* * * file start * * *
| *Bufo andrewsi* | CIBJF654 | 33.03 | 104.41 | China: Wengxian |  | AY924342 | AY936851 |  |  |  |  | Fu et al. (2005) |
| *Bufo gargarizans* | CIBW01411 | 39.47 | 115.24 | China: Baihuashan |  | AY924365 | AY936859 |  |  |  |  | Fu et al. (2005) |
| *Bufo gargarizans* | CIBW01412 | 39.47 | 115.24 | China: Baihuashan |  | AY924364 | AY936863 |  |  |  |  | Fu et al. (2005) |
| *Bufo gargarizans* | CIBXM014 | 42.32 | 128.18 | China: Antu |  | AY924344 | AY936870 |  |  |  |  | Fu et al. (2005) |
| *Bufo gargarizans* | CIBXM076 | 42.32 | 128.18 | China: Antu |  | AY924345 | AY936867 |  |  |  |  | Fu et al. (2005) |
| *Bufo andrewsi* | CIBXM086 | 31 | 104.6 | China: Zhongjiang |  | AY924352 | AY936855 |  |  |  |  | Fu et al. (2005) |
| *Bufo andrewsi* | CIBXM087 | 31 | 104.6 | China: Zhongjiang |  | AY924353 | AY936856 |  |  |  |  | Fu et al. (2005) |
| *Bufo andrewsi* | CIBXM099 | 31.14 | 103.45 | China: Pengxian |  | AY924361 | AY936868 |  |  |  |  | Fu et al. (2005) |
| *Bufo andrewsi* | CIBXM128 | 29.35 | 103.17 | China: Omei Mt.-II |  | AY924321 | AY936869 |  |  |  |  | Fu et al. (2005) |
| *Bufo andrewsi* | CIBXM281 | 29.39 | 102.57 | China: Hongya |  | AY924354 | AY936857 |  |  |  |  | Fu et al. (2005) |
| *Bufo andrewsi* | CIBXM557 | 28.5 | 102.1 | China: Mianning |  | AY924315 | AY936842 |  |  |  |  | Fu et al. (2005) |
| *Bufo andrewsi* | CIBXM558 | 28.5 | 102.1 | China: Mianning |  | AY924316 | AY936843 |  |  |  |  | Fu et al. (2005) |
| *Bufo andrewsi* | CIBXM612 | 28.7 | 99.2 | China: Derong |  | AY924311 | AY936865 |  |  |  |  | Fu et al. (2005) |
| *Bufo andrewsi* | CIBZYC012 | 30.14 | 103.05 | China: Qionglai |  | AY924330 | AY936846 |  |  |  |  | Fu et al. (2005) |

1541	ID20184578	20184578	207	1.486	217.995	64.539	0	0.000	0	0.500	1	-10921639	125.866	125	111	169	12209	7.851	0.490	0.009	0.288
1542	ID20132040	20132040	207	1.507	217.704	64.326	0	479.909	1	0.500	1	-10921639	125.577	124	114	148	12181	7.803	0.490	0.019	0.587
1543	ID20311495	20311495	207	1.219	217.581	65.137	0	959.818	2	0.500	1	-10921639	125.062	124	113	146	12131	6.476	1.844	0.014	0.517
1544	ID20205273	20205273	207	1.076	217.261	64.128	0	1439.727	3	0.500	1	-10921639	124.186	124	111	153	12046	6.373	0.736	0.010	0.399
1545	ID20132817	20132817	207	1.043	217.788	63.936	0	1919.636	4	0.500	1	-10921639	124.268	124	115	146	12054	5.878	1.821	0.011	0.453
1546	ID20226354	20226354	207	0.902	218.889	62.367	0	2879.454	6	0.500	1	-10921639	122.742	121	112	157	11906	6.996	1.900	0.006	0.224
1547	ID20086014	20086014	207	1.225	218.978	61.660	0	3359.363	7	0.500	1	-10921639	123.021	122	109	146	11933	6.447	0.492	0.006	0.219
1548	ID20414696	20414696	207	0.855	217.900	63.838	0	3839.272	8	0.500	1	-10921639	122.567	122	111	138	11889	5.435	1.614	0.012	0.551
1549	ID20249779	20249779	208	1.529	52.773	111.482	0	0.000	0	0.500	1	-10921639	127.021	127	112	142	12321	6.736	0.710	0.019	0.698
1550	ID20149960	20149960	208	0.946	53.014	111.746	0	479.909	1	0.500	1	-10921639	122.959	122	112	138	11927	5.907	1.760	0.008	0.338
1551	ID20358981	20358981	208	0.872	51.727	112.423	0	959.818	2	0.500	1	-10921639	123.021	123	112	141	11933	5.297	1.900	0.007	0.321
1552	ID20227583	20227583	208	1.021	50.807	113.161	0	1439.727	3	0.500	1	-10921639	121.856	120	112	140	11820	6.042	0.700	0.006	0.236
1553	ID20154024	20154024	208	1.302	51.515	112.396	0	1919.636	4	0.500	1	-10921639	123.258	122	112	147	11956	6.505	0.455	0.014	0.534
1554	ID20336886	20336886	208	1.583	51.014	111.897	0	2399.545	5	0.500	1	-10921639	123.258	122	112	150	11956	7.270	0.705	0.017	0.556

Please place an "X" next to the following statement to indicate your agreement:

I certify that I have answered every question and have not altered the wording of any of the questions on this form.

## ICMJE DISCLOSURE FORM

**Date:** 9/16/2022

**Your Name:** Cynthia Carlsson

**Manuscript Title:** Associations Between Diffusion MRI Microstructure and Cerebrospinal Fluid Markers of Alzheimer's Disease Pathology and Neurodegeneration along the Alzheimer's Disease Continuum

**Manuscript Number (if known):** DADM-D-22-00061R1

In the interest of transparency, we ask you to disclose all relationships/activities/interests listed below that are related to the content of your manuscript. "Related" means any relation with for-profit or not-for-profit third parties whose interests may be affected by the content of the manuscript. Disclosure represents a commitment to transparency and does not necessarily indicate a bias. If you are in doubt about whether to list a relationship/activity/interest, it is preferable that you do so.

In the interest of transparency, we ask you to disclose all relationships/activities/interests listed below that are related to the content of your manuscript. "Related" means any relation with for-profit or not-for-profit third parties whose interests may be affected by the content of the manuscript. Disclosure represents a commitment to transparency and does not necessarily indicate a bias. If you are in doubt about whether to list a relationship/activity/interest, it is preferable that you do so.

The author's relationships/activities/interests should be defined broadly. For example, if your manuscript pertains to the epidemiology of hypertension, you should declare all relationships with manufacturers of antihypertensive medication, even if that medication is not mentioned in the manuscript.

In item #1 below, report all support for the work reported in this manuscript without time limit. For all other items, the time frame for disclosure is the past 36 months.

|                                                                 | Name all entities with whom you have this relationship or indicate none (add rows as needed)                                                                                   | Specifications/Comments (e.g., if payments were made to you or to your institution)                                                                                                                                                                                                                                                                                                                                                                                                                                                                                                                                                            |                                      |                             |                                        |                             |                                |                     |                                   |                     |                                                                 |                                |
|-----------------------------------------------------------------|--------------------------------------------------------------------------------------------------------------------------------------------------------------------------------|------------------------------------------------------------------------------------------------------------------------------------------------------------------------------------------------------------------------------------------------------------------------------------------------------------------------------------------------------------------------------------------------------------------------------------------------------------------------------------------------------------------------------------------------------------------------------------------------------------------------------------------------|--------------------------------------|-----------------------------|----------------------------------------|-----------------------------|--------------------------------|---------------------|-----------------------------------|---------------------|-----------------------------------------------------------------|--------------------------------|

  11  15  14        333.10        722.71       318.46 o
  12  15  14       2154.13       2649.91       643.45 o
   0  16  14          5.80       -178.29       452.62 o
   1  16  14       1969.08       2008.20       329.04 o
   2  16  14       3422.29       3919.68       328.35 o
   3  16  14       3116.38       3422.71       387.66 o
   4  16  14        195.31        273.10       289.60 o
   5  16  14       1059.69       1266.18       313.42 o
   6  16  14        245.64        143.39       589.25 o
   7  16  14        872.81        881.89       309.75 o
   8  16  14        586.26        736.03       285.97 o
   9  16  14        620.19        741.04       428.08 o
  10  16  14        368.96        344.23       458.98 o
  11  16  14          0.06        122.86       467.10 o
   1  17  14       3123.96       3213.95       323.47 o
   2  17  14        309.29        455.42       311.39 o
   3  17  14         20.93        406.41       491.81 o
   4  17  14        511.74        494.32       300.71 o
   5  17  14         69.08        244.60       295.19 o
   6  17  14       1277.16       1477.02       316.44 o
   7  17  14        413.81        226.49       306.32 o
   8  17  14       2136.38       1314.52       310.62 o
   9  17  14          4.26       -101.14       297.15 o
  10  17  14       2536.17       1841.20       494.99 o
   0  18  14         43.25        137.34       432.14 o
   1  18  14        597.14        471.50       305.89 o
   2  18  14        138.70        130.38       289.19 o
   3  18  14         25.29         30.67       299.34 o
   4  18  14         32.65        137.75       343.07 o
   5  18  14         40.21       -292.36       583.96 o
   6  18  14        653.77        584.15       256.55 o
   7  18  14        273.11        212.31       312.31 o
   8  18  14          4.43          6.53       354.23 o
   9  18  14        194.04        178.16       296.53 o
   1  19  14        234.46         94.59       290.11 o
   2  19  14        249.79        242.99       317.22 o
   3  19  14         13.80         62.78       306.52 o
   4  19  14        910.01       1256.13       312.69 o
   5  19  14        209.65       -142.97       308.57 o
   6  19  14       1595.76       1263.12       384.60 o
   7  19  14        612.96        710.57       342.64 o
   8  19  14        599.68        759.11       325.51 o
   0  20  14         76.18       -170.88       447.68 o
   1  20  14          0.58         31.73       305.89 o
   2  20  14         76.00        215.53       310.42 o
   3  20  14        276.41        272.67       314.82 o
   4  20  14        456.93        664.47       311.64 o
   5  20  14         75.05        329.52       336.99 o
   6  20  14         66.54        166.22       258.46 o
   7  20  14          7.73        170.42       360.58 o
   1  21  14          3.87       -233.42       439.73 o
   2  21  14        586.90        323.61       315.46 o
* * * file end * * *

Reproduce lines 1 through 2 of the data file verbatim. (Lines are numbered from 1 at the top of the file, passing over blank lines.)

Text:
| *Bufo andrewsi* | CIBJF654 | 33.03 | 104.41 | China: Wengxian |  | AY924342 | AY936851 |  |  |  |  | Fu et al. (2005) |
| *Bufo gargarizans* | CIBW01411 | 39.47 | 115.24 | China: Baihuashan |  | AY924365 | AY936859 |  |  |  |  | Fu et al. (2005) |